Tuesday, October 7, 2014

Subjects, inspiration, and alternative themes

I chose the architecture of Albert Pretzinger for the subject inspiration of my sculptures. But as you will see I left that decision flexible and the subject evolved in a very different direction.

I locked down the style inspiration to Charles Sheeler's Stacks in Celebration but I left the door open to alternatives for the subject inspiration. It is not that I didn't care about the subject, instead I saw that I could achieve my goals for the sculpture with a wide variety of subject matter and I wanted to leave the decision open until I could do more research and get feedback from the patrons of the commission;  the DML ReImagining Works art board.

Commercial Building - Photo by Greg Hume
In the request for proposals from ReImagining Works it mentioned that the Electra C. Doren library building was designed by Albert Pretzinger so I did some homework on Pretzinger.  Pretzinger and his firm were the architects for a lot of buildings in the Dayton area. They were responsible for many of Dayton's iconic buildings. Plenty of buildings to choose from for subject inspiration.  I thought it would be a great connection to use them as the subject for the sculptures connecting Dayton history and this specific library building. 

I decided to make eight sculpture panels based on the size and the arrangement of the fence section plans. That gave me a lot of space to work with. Each panel would have depicted a different Dayton building by Pretzinger or his firm.  I hadn't chosen the final set of buildings at the time of the proposal. The list of potentials includes the Electra C. Doren library itself, the Commercial Building, Memorial Hall, Dayton Daily News building, the First Lutheran Church, Fire Station 14, the Reibold building, and many others.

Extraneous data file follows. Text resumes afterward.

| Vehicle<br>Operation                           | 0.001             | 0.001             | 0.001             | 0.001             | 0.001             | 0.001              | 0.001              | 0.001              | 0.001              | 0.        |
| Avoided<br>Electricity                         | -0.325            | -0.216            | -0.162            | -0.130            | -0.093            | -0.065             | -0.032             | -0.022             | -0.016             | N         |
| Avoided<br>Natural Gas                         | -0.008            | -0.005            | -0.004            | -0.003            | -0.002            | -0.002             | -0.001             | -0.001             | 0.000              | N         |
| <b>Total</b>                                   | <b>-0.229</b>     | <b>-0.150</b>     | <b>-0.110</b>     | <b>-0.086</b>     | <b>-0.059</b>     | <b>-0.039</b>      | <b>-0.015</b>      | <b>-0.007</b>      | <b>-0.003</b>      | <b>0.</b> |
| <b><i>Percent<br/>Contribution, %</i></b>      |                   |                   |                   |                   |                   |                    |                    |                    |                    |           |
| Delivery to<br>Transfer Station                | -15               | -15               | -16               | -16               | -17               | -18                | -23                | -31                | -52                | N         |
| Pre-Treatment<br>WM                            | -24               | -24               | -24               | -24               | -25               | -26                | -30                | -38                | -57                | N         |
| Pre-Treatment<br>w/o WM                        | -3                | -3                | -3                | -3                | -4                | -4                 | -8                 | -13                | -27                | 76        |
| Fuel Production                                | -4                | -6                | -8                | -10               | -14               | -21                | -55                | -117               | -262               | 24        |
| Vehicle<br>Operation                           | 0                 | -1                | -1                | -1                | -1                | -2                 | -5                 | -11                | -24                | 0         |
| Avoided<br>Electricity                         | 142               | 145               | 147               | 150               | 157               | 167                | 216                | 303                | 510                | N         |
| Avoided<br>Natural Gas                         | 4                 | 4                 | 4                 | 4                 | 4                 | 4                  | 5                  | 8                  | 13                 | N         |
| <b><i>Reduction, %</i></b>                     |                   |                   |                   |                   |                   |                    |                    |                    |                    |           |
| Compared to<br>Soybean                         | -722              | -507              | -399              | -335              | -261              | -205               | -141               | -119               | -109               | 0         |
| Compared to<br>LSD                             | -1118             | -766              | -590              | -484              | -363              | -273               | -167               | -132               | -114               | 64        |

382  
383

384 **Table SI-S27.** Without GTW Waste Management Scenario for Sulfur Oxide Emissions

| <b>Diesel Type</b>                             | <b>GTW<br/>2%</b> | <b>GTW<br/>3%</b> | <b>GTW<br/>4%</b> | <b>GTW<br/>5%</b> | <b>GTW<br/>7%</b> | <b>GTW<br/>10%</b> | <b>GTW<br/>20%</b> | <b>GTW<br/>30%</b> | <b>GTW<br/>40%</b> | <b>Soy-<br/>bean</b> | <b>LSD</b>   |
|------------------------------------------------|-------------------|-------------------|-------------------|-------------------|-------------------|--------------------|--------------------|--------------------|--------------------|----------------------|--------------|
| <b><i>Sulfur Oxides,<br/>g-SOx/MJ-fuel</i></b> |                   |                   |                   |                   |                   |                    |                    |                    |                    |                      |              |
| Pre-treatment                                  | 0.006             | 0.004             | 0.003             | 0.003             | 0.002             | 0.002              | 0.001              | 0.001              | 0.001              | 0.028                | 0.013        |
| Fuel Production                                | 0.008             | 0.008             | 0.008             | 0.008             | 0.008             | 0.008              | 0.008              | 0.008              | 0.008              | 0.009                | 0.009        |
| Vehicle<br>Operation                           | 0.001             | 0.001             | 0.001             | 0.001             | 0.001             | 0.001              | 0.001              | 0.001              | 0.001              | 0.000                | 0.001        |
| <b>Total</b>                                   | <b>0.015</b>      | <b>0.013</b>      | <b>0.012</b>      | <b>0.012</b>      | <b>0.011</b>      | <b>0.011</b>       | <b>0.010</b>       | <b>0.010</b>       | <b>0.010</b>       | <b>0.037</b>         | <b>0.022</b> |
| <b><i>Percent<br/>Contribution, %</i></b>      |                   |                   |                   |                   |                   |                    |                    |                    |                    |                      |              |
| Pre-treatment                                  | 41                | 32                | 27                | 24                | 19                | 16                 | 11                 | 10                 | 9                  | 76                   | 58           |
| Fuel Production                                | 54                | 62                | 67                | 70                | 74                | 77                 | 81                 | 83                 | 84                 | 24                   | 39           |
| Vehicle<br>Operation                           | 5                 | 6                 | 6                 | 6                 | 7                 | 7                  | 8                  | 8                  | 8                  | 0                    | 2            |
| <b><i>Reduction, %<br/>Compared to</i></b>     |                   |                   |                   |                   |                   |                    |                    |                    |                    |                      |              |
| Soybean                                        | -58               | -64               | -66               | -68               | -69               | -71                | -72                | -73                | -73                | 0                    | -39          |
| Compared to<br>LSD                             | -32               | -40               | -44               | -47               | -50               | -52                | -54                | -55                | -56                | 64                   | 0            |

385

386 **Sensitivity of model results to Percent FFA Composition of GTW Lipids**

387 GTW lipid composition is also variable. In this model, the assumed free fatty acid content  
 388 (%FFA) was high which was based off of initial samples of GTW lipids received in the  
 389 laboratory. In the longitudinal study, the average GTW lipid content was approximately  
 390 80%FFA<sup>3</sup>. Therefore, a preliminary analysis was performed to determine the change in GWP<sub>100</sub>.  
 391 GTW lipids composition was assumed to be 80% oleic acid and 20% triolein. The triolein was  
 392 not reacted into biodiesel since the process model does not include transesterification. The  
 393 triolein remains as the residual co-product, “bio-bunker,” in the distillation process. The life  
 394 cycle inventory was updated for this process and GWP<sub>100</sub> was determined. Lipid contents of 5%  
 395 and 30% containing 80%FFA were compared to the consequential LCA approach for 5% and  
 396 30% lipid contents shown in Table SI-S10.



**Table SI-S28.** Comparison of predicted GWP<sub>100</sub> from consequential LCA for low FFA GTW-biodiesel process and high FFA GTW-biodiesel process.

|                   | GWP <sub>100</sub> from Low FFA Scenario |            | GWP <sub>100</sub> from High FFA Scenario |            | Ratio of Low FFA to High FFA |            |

I liked the idea of including Electra C. Doren library as the subject of one of the panels. And I liked the physical presence of MemorialHall (also by Pretzinger) so I wanted to include that one too. Other than these two I knew there were several good building images of Pretzinger's work that would make great aesthetics for the remaining 6 panels.

I felt that the Pretzinger theme this was an appropriate theme for Dayton's industrial history as celebrated through it's monumental public buildings. But there were other ways to honor Dayton that I entertained and put in the proposal to offer to the patrons of the commission:

  • Alternative 1: Iconic Architecture - Instead of just Pretzinger’s architecture I could depict iconic Dayton architecture regardless of who designed it.

  • Alternative 2: Invention - Instead of Dayton architecture I could depict Dayton’s history of invention and/or manufacturing; e.g. flight, cash registers, zipper, pop-top, heart-lung machine, steel furnace, ice cream cone, etc. all invented in Dayton.

The board liked my style and subject proposal but suggested a variation on my alternatives. They suggested that the sculptures include buildings important to the North Dayton neighborhood of this library branch and not just Pretzinger's and not just iconic downtown Dayton buildings. They asked if I could include 3 panels on buildings just from North Dayton.

My first reaction was; "Does North Dayton have anything more than houses? I need a tour guide to learn more about North Dayton." I was showing my ignorance but the board was very helpful and connected me to experts in North Dayton. I got the insights I needed and suggested back to the board that ALL the panels be North Dayton buildings.  More on how I got to that decision in another post ...

No comments:

Post a Comment